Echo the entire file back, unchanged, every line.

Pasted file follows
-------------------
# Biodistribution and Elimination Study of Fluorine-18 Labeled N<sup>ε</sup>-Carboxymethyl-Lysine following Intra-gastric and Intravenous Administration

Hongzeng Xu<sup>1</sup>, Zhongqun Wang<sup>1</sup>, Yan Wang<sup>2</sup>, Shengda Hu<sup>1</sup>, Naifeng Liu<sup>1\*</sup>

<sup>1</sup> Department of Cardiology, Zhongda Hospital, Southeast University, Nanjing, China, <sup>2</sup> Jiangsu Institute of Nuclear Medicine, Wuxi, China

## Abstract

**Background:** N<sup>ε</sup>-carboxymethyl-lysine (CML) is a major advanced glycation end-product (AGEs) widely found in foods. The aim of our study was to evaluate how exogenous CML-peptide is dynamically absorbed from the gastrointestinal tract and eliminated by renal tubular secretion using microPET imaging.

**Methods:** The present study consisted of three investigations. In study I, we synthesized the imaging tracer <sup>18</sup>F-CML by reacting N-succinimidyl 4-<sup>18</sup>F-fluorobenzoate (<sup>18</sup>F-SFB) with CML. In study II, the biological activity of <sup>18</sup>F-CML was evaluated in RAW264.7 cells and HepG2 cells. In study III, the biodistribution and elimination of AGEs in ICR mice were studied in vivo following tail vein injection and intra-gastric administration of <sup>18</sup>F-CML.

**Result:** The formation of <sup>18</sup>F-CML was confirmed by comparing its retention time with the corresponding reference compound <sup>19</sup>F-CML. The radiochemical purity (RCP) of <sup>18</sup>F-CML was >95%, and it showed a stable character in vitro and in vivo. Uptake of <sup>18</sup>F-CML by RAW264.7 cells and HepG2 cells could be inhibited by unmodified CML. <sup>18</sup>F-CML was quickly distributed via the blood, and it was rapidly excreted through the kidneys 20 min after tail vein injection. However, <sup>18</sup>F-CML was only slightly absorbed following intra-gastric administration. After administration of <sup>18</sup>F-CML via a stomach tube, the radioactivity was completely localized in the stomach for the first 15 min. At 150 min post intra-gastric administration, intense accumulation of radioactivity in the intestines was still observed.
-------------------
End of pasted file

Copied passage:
# Biodistribution and Elimination Study of Fluorine-18 Labeled N<sup>ε</sup>-Carboxymethyl-Lysine following Intra-gastric and Intravenous Administration

Hongzeng Xu<sup>1</sup>, Zhongqun Wang<sup>1</sup>, Yan Wang<sup>2</sup>, Shengda Hu<sup>1</sup>, Naifeng Liu<sup>1\*</sup>

<sup>1</sup> Department of Cardiology, Zhongda Hospital, Southeast University, Nanjing, China, <sup>2</sup> Jiangsu Institute of Nuclear Medicine, Wuxi, China

## Abstract

**Background:** N<sup>ε</sup>-carboxymethyl-lysine (CML) is a major advanced glycation end-product (AGEs) widely found in foods. The aim of our study was to evaluate how exogenous CML-peptide is dynamically absorbed from the gastrointestinal tract and eliminated by renal tubular secretion using microPET imaging.

**Methods:** The present study consisted of three investigations. In study I, we synthesized the imaging tracer <sup>18</sup>F-CML by reacting N-succinimidyl 4-<sup>18</sup>F-fluorobenzoate (<sup>18</sup>F-SFB) with CML. In study II, the biological activity of <sup>18</sup>F-CML was evaluated in RAW264.7 cells and HepG2 cells. In study III, the biodistribution and elimination of AGEs in ICR mice were studied in vivo following tail vein injection and intra-gastric administration of <sup>18</sup>F-CML.

**Result:** The formation of <sup>18</sup>F-CML was confirmed by comparing its retention time with the corresponding reference compound <sup>19</sup>F-CML. The radiochemical purity (RCP) of <sup>18</sup>F-CML was >95%, and it showed a stable character in vitro and in vivo. Uptake of <sup>18</sup>F-CML by RAW264.7 cells and HepG2 cells could be inhibited by unmodified CML. <sup>18</sup>F-CML was quickly distributed via the blood, and it was rapidly excreted through the kidneys 20 min after tail vein injection. However, <sup>18</sup>F-CML was only slightly absorbed following intra-gastric administration. After administration of <sup>18</sup>F-CML via a stomach tube, the radioactivity was completely localized in the stomach for the first 15 min. At 150 min post intra-gastric administration, intense accumulation of radioactivity in the intestines was still observed.